Washington was also the bloc’s largest supplier of the fuel last year, accounting for half of European LNG imports.

The reconfiguration of energy supplies – prompted by the energy crisis triggered by Russia’s full-scale invasion of Ukraine in February 2022 – yielded particularly pronounced effects on Germany, which were compounded by existing challenges, including slowing Chinese demand.

Last month, Germany’s economists cut the country’s growth forecast for 2024, from 1.3% to just 0.1% – confirming earlier warnings by  German Federal Minister for Economic Affairs and Climate Action Robert Habeck, describing the country’s economic situation as “dramatically bad”.

While ECB President Christine Lagarde called for a revamp of the manufacturing-heavy and energy-intensive “German model”.

“The structure of the German economy has been eroded by, in the first instance, the change in energy [supply] away from Russia toward much more expensive American energy, [and] in the second instance, the progressive loss of the China market,” Shapiro said.

“So, [of the] two very central underpinnings of the German economy, [the] first one collapsed and the second one has eroded.”

Issues with the German case were replicated at the wider European level, Shapiro noted.

Europe’s energy dependence on Washington was in fact weakening the continent for two reasons he argued: first, because LNG is more expensive than Russian gas; and second, because it provides the US with additional potential leverage over Europe.

Promisingly, however, Shapiro noted that the US has not tried to use this dependence “as a source of structural power.”

“Why would they?” he said. “They have plenty of other sources of structural power.”

Although, he added, “I think what you won’t see is EU member states being able to negotiate any sort of geopolitical discount on US LNG.”

Such remarks are arguably reminiscent of the definition of power offered by American science fiction writer Joan D. Vinge.

“Real power is control,” Vinge wrote in her award-winning novel The Snow Queen. “Knowing that you can do anything … and not doing it only because you can.”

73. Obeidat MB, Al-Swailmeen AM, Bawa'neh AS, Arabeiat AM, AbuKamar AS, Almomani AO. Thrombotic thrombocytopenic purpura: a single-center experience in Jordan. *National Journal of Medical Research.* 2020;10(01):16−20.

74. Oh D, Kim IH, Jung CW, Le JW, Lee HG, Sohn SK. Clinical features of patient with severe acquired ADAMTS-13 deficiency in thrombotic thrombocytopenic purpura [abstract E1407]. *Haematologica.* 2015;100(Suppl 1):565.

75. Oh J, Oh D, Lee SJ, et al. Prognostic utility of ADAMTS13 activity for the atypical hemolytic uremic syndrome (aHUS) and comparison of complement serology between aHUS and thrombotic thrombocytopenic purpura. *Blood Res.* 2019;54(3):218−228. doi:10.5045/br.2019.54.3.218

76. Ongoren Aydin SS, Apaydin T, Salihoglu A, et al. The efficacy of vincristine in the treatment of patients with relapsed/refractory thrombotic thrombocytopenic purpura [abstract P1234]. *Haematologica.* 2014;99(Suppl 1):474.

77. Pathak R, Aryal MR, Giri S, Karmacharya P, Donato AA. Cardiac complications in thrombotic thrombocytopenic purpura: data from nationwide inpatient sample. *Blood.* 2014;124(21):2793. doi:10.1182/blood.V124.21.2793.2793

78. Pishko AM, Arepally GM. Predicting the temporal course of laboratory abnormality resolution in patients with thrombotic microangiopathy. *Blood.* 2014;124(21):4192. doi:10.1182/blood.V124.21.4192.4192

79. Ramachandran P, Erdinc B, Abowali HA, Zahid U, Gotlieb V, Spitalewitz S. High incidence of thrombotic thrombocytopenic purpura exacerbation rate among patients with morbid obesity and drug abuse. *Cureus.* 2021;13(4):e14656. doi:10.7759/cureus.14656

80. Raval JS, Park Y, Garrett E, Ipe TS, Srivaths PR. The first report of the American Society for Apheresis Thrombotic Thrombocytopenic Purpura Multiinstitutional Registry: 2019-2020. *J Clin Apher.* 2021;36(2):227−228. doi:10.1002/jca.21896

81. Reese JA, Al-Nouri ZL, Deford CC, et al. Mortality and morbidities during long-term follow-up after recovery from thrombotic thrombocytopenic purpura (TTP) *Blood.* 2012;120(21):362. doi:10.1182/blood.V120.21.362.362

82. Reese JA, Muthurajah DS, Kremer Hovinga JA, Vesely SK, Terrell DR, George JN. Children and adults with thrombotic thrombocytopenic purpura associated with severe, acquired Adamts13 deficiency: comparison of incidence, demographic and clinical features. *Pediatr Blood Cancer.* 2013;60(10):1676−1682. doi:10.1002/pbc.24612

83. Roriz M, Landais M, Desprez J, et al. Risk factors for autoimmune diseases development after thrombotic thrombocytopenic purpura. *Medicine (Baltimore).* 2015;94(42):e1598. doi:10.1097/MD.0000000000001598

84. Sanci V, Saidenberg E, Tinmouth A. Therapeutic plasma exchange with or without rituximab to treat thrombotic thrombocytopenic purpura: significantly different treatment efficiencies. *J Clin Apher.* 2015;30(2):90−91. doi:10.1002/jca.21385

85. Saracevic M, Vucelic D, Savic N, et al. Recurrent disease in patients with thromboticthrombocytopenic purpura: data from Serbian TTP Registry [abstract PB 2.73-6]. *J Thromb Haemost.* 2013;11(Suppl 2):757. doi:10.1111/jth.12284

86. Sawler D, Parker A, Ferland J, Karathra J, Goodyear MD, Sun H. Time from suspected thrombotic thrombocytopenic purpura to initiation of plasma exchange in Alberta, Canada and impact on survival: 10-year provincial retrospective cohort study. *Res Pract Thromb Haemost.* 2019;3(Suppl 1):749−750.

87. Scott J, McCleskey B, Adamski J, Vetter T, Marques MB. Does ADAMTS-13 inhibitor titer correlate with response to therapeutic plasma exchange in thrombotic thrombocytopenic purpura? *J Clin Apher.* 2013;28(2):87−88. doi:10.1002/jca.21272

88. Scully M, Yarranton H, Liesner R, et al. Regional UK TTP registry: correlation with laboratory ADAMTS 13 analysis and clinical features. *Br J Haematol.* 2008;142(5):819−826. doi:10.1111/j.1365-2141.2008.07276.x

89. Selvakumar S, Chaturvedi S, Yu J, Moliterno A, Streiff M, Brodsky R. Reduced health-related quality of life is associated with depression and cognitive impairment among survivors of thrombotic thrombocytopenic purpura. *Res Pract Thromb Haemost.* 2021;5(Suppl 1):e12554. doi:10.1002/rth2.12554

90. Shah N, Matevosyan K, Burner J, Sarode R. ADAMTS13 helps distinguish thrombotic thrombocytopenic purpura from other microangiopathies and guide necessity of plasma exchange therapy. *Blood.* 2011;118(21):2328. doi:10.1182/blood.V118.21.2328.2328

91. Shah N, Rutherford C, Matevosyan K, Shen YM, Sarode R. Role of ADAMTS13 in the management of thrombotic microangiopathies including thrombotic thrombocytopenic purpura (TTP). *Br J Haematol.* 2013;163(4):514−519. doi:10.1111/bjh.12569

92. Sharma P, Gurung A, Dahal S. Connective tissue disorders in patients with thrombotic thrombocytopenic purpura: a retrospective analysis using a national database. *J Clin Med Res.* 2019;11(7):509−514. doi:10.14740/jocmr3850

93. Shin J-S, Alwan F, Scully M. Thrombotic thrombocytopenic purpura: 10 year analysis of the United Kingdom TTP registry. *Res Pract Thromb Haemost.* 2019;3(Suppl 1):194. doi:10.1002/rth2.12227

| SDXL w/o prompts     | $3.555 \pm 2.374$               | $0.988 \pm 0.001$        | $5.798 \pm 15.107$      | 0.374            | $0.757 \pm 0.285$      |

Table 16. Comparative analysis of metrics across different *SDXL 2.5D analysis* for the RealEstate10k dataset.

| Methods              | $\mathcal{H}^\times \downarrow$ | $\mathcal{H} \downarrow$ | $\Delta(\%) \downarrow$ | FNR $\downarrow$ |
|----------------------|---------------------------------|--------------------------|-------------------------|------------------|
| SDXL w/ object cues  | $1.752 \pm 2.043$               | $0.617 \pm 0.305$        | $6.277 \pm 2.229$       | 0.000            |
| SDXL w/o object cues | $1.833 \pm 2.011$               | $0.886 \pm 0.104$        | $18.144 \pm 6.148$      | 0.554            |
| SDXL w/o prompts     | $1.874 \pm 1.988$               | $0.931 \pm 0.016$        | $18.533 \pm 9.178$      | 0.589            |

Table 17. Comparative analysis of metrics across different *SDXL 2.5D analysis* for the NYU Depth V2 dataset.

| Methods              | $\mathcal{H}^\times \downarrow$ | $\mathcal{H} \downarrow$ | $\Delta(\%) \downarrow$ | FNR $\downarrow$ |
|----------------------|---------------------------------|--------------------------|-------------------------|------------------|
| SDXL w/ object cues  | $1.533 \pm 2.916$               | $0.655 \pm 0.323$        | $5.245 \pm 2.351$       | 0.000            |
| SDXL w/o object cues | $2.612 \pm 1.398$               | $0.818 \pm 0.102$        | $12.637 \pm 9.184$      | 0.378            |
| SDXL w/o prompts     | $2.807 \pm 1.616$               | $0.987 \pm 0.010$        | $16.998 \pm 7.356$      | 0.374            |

[Edited by Anna Brunetti/Rajnish Singh]

Chart of the Week

The EU and US economies were more-or-less equal in size until 2011, at which point they began to diverge — with the US economy growing significantly faster than its European counterpart.

Worryingly, the IMF projects that the discrepancy between the two economies become even greater over the next few years.

Economic Policy Roundup

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EU auditing body chief says there is “absolutely” a risk that the recent scandal involving the alleged embezzlement of €600 million from the bloc’s pandemic recovery fund could be repeated. In an interview with Euractiv on Tuesday (April 9), European Court of Auditors (ECA) president Tony Murphy stressed that last week’s announcement that 22 individuals had been arrested in Italy for defrauding hundreds of millions of euros from the EU €723.8 billion Recovery and Resilience Facility (RRF) followed persistent warnings that a lack of central oversight was amplifying the likelihood of the funds’ misuse. “Because of the limited control, or lesser control framework, compared to the standard EU funding based on multi-year budgeting (MMF), the risk of such incidents occurring is high,” Murphy said. Read more.

[Edited by Rajnish Singh]